My husband Chris is someone who is slim and stays that way. His weight varies little whether he’s active or not, and seemingly irrespective of what he eats. So when I started my fitness journey in 2005, some of what I dealt with wasn’t part of his experience and was difficult for him to understand. There were times when it felt like he was sabotaging my efforts, and other times when he said and did things I felt were unhelpful. That said, he also genuinely tried to be supportive when he better understood what I was trying to do. And he wholeheartedly agreed to my going to a trainer, which was no small amount of money. So here I am, nearly seven years after I started and significantly smaller than I was at the beginning of our marriage in 1994. Here’s what Chris has to say.
What is your ‘take-away’ from my fitness journey?
It really rubbed off on me. I became more concerned about my own fitness. For example, despite not being a runner, I did the Sun Run a few years after you, and I started rollerblading more. I became more concerned about my overall health despite my thinner appearance. Research shows your peer group impacts your lifestyle; I understand that trying to change yourself is harder when you’re hanging out with people who are still part of the old lifestyle, which in many ways I was. Although I wasn’t fat, I was out of shape (a skinny fat person) and suspect I had more dangerous visceral fat than I would have thought. So I started getting fitter as I saw you getting fitter.
What would you say was the biggest surprise as I worked towards my fitness goals?
The main thing I was impressed, astounded, confused, blown away by was your willpower and stick-to-itiveness. Getting up at some ungodly hour in the middle of winter to go running was astounding. There was obviously a fire that was lit in you and I wasn’t quite sure what the fire was or where it came from. It was actually a bit baffling, but at the same time great! Wouldn’t it be great if I could get that amount of steely determination in some areas of my life!
If you had anything to say to other partners/supporters of someone on a fitness journey, what would it be?
To be honest, I wasn’t always as encouraging as I could have been. Right from the outset it would have been good for me to be 100% on board. So, be supportive of the person and do things that help them achieve their goals. Don’t bring fattening foods around the house. Don’t say things like, “Come on! I’m having a doughnut; you can have one too.” Not tempting her would have been better. And here’s a shameless plug: “for your abs, ten minutes of all out laughter is equal to 20 minutes on a rowing machine.”[Chris is a laughter yoga leader and I can attest, he does indeed have great abs!]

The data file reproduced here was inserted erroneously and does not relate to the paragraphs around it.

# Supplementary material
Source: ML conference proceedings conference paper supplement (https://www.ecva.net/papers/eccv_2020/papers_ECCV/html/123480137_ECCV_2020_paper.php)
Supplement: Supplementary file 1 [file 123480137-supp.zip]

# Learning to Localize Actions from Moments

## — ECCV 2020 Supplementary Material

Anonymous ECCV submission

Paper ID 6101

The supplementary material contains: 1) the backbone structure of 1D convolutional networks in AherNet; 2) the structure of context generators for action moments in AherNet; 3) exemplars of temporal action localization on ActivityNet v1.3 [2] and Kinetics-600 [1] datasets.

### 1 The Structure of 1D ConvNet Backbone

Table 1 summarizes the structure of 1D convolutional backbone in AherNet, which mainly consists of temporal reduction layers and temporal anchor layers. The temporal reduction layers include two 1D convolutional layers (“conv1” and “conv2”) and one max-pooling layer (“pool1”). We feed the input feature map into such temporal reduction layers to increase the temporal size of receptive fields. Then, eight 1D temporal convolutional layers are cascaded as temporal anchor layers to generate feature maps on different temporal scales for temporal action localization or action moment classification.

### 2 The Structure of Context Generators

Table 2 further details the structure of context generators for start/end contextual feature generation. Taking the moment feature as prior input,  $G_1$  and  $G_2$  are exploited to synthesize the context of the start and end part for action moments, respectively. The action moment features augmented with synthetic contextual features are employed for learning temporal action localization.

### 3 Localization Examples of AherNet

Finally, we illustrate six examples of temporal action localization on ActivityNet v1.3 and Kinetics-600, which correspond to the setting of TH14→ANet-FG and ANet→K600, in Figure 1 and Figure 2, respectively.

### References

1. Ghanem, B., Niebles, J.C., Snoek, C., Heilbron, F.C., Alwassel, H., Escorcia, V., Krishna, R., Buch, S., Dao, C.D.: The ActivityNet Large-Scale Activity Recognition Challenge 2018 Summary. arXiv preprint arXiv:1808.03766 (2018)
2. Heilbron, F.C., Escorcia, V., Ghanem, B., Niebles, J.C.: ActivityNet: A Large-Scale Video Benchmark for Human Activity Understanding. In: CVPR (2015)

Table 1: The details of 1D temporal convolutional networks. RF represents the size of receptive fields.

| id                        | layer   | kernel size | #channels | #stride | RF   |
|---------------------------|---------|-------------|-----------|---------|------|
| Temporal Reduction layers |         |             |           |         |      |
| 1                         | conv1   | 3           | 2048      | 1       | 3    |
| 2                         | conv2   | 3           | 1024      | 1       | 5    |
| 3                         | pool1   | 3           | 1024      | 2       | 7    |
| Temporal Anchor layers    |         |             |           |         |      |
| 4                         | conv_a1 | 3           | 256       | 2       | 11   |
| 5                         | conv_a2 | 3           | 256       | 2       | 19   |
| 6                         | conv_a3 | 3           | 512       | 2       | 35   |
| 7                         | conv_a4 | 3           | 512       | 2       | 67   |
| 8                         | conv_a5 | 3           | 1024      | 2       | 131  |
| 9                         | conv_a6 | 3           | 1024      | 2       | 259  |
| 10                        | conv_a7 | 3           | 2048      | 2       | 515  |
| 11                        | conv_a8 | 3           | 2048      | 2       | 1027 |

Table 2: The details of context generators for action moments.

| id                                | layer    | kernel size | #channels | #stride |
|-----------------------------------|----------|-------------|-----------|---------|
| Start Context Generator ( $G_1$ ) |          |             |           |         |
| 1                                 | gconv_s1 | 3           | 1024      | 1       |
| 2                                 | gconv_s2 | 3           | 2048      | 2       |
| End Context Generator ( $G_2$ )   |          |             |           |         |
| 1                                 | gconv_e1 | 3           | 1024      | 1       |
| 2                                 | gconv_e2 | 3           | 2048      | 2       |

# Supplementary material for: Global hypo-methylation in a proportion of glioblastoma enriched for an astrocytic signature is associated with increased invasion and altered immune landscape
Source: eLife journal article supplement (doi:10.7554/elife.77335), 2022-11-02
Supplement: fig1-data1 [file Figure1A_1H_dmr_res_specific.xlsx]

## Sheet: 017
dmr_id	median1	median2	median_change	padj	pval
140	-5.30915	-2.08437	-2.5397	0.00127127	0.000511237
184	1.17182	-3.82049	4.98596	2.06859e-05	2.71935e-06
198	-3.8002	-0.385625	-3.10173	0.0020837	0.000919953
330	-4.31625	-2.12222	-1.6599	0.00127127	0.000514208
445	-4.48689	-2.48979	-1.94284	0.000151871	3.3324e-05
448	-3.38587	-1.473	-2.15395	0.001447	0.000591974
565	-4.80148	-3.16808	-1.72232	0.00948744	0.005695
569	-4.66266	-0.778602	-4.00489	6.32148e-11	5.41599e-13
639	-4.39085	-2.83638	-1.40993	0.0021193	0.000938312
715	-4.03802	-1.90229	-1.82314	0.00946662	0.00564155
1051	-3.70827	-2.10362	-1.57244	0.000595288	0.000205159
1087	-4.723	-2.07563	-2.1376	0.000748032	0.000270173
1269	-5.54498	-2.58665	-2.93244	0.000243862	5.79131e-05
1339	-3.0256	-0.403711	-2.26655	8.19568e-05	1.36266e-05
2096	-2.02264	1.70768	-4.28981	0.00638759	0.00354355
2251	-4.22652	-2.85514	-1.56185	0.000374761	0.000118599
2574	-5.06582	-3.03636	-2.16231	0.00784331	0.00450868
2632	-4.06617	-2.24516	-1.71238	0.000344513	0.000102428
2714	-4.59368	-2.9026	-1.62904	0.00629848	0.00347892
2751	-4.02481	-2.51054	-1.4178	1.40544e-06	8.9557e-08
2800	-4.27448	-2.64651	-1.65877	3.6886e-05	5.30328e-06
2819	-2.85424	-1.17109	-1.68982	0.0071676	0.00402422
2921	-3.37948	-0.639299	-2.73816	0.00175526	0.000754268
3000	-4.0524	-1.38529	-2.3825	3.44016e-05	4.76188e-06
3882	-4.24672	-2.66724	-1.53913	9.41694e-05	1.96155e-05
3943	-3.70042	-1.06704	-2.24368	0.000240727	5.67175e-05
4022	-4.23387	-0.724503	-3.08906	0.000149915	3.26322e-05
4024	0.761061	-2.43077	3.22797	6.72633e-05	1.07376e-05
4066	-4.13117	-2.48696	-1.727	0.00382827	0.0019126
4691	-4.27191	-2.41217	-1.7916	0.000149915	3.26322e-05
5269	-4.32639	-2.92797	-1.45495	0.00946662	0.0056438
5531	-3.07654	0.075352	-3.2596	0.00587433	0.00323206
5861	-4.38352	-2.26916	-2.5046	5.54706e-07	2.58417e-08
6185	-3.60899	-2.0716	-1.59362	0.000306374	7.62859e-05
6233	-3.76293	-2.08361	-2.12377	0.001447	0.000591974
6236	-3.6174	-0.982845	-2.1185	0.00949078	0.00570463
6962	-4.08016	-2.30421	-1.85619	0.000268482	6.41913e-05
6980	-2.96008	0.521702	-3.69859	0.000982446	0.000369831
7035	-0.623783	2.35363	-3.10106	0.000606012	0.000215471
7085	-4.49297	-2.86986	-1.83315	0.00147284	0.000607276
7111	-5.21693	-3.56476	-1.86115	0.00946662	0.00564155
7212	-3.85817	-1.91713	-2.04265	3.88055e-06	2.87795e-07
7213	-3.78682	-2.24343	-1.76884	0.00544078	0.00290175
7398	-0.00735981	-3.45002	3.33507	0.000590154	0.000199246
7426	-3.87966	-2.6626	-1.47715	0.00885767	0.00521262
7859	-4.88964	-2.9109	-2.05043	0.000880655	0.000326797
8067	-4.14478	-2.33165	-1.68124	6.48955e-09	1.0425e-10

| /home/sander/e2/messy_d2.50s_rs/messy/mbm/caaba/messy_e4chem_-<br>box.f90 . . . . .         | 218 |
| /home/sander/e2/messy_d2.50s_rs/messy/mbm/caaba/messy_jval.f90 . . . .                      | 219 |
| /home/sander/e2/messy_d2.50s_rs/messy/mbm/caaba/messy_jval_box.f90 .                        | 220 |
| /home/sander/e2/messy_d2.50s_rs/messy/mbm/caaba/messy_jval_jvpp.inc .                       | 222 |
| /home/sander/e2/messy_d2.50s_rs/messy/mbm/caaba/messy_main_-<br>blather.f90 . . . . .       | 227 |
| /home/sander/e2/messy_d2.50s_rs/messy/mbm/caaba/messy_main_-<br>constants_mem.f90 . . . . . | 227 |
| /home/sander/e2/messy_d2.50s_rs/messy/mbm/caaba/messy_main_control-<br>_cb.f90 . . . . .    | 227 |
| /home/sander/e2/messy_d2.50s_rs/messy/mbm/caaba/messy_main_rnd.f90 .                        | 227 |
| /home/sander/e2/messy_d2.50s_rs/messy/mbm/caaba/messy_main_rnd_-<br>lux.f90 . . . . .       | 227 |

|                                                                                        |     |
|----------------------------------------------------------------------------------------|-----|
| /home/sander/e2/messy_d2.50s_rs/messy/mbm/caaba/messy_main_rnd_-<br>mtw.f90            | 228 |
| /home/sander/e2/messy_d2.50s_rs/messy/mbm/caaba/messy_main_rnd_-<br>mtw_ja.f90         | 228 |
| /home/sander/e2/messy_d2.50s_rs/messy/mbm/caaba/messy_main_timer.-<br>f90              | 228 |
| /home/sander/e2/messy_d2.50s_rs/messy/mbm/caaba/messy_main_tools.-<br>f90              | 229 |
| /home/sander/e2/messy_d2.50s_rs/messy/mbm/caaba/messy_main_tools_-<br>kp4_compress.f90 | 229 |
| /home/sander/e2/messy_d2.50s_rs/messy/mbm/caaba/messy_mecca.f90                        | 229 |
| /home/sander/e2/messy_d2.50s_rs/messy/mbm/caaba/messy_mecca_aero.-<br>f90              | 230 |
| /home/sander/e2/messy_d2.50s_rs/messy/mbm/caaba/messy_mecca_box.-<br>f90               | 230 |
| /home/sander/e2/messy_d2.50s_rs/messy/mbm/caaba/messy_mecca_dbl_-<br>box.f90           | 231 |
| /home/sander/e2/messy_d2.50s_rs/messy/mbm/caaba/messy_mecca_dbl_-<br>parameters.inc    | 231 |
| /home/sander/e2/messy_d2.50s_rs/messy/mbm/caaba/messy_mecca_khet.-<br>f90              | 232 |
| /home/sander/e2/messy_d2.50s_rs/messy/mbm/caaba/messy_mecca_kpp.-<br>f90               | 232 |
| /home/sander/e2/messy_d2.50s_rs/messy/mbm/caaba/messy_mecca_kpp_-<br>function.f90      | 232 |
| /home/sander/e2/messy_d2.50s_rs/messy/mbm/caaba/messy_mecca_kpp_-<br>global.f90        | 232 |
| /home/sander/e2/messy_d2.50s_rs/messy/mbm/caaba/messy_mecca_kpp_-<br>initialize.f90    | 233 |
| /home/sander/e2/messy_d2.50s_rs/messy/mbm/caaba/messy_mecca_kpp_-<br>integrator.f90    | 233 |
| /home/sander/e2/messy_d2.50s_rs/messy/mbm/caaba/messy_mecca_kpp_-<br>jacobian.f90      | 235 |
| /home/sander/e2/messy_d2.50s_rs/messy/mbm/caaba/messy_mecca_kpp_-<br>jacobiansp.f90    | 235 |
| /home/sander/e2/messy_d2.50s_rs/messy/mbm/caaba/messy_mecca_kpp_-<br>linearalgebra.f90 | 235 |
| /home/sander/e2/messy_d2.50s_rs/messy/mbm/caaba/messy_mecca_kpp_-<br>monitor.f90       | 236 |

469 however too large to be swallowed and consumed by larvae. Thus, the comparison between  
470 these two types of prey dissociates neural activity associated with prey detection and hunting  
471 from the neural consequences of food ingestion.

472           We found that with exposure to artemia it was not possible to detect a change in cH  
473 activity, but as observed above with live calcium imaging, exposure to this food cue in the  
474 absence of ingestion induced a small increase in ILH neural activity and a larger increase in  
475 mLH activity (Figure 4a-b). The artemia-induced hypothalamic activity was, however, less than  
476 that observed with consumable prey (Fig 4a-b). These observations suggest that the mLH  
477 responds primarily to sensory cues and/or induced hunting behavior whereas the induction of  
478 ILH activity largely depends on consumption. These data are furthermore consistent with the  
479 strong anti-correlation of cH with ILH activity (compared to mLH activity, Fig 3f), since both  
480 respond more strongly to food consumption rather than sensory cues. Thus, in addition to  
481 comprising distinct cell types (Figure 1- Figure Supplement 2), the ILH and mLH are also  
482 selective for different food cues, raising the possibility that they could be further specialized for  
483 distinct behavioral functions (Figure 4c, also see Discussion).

So in a nutshell, his advice boils down to “do everything you can to be helpful and supportive, and laugh a lot!”
The hardest & longest battle in transforming your body is between your long-term goal & instant gratification.
If you’re not happy with the current state of your health, instant gratification is winning. We’re addicted to instant gratification, most everything in our lives and the trends of technology are racing to better serve this need.
“Instant gratification takes too long” – Carrie Fisher. Sadly, a lot of people agree with that statement. Worse, they make life choices based on that statement.
Recently a new client reminded me of an excellent way to stop the self-sabatoging behaviour and stop feeding the voracious instant gratification monkey on her back. Its the reality check, wake-up call & slap in the face all in one.
The ‘before’ photo.
When my clients take that before photo in a two-piece bathing suit its a shock to the system. What you see in that photo is NOT what you see in the mirror. Its unfiltered, bluntly honest and unforgiving. This is the negative experience that drives people to change. The key is not forgetting it.
My client had a weakness for Starbucks pastries & sweets. Her solution? She keeps her ‘before’ photo in her wallet. Before she gives in to the immediate need for something sweet, she looks at the photo, gets the negative impact from it and chooses her long-term goal instead. Simple and effective, every time. This would be even easier by keeping the picture in your iPhone or Blackberry!
Another client of mine had a similar weakness for cupcakes. She took the photo & put it in her purse. On a weak day she walked into a bakery and while in line tried to fight the urge. She pulled out the photo and looked at her ‘before’ photo, then looked at the cupcakes. She made a startling discovery. Both her body in the photo and the cupcake were the same shape! She told me when she realized she was turning herself into a giant cupcake she decided this time the change was going to be for real. I’m a firm believer that negative experiences shape our decisions and choices far more than motivation and inspiration ever could. This is what just THREE MONTHS of carrying your ‘before’ photo with you can do!
One more thing my clients have learned over the years? Instant gratification goes straight to your thighs.